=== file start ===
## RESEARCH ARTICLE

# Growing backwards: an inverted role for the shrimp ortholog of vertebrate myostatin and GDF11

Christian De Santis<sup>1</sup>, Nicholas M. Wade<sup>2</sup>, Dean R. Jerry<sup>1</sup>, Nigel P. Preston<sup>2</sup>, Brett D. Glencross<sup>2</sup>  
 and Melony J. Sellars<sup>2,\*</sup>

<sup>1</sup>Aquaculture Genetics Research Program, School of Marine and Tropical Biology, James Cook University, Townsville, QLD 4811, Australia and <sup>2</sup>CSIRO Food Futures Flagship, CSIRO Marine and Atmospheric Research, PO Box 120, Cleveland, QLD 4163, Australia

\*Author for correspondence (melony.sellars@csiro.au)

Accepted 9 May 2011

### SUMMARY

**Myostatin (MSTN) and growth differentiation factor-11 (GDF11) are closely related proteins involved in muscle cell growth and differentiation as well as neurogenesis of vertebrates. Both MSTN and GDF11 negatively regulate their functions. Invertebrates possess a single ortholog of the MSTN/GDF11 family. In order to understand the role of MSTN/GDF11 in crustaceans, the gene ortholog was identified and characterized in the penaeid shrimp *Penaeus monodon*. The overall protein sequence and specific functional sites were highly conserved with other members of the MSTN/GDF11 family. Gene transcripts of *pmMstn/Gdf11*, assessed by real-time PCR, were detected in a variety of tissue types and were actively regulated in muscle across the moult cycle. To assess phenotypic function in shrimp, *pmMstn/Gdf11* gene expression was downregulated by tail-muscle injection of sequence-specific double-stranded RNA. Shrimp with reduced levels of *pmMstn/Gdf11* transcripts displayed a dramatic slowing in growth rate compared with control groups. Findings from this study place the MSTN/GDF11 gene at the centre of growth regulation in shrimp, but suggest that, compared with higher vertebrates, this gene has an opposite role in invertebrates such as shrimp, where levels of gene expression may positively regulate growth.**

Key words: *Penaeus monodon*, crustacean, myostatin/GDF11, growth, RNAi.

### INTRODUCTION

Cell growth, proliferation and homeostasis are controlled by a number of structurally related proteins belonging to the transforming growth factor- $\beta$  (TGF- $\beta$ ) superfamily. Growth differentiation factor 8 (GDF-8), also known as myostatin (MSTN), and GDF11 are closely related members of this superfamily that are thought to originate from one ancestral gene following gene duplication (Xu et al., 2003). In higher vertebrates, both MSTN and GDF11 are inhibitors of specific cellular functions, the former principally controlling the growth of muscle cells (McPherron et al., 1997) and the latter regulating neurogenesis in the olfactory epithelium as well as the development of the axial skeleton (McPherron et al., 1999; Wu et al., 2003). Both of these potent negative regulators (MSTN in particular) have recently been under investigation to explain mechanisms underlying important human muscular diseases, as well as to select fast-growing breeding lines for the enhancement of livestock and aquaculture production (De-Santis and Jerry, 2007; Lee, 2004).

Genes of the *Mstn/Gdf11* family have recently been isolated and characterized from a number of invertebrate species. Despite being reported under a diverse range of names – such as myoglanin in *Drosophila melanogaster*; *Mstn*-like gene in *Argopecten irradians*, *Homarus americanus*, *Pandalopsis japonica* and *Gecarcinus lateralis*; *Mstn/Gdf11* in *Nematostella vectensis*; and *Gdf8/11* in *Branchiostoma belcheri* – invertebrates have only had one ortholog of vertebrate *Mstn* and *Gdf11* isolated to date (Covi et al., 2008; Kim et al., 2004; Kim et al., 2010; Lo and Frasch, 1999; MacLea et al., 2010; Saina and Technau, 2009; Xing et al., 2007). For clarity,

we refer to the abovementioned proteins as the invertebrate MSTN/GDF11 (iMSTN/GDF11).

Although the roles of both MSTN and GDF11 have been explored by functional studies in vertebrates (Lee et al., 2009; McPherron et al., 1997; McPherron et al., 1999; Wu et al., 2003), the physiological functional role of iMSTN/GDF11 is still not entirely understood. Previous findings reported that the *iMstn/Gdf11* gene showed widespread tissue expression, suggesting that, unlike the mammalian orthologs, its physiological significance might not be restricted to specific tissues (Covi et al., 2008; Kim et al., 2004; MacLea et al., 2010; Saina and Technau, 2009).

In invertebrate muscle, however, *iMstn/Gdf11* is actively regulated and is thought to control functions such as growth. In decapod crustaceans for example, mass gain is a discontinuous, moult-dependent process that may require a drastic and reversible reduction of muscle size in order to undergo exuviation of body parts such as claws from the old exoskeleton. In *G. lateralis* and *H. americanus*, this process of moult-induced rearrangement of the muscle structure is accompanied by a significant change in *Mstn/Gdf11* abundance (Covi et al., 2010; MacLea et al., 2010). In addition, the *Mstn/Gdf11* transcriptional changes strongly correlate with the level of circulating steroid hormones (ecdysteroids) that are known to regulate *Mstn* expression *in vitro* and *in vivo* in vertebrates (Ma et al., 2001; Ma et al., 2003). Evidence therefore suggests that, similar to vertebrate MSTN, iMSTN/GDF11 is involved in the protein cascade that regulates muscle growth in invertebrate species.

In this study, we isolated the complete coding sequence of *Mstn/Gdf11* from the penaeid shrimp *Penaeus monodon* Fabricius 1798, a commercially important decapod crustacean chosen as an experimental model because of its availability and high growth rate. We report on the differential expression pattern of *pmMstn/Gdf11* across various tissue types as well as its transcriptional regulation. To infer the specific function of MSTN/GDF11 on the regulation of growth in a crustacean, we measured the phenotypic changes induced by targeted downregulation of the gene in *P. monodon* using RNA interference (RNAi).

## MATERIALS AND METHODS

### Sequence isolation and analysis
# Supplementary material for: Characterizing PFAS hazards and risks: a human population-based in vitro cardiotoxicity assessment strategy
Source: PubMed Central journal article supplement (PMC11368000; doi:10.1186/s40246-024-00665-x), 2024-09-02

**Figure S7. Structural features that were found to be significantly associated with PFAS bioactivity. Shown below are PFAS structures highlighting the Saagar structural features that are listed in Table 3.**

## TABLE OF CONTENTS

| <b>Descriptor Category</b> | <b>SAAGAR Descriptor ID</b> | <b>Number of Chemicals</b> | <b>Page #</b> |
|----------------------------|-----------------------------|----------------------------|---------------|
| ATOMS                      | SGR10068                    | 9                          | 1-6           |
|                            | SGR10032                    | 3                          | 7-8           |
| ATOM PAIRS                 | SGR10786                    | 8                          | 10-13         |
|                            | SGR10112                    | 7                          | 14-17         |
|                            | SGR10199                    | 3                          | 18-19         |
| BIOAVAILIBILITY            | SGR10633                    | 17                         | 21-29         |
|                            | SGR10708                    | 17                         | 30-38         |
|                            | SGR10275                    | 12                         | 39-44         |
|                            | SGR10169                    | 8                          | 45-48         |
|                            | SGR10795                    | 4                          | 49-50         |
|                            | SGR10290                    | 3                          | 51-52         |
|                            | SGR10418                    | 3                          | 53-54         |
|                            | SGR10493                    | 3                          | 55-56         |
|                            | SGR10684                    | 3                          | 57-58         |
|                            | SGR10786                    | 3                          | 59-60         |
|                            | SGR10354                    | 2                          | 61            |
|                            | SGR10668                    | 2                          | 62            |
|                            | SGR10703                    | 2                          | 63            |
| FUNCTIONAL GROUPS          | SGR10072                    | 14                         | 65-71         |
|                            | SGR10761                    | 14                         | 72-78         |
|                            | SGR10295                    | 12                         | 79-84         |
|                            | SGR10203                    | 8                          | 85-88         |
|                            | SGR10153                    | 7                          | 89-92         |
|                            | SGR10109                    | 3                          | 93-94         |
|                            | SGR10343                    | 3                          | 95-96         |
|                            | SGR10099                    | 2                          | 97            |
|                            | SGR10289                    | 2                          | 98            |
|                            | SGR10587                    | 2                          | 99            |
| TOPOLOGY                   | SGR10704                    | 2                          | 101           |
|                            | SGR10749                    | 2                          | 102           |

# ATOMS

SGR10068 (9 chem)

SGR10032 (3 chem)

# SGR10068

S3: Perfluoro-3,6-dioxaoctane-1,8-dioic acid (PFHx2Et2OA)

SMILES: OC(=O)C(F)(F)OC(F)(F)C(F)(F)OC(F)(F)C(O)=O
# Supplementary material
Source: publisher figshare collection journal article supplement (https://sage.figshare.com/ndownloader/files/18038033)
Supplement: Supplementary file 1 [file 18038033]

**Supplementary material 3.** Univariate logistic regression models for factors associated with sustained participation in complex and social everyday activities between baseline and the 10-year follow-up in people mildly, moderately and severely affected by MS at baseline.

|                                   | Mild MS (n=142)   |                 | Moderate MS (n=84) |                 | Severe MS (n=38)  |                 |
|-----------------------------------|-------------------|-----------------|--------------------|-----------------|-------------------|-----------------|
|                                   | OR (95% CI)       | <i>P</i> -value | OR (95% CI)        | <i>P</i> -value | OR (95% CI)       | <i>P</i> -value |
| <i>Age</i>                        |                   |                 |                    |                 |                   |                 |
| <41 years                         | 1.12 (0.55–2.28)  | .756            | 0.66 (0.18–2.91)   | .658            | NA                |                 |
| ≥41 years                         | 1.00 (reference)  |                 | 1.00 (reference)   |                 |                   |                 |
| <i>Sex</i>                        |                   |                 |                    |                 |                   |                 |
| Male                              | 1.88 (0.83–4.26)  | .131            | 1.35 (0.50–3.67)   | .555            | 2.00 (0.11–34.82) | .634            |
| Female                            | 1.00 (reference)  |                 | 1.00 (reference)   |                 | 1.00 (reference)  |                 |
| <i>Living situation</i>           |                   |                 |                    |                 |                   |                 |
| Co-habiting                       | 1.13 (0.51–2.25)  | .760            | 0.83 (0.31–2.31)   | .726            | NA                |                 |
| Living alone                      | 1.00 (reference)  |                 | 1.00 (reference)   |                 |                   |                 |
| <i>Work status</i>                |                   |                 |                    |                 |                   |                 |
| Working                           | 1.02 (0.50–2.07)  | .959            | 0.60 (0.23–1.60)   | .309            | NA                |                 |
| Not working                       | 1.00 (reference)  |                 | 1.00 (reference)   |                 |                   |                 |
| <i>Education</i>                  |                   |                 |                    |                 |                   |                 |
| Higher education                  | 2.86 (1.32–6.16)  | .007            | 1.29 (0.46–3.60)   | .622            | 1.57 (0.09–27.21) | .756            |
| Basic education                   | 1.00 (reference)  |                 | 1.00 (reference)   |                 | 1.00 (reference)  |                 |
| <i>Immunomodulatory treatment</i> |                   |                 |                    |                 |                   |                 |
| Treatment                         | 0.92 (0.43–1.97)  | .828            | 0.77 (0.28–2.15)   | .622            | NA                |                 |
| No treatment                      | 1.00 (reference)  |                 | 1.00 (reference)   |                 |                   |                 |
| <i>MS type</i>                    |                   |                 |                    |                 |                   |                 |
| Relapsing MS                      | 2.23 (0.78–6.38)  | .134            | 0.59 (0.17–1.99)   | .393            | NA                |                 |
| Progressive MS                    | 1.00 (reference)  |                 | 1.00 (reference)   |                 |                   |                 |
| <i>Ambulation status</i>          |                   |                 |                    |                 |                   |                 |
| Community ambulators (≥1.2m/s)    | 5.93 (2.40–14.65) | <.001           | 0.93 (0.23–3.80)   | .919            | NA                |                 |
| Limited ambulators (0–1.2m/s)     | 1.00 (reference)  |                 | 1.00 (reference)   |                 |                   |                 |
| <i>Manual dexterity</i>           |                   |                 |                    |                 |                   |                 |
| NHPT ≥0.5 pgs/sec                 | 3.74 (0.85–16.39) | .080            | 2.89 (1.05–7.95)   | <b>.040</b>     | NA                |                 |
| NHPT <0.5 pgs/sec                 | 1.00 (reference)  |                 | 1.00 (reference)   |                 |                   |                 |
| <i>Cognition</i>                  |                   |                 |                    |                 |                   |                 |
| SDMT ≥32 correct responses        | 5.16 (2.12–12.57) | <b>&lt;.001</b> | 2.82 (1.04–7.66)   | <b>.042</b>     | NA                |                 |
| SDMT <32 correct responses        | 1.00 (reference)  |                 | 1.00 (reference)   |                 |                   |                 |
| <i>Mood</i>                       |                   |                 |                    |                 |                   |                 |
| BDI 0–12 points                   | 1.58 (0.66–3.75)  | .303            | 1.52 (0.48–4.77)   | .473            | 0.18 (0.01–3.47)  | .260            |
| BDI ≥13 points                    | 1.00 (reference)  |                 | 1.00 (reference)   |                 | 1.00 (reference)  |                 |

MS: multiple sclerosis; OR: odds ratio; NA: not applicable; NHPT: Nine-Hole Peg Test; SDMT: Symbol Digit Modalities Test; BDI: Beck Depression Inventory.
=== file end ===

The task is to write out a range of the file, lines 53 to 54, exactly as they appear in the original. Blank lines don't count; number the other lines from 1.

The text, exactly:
|                            | SGR10587                    | 2                          | 99            |
| TOPOLOGY                   | SGR10704                    | 2                          | 101           |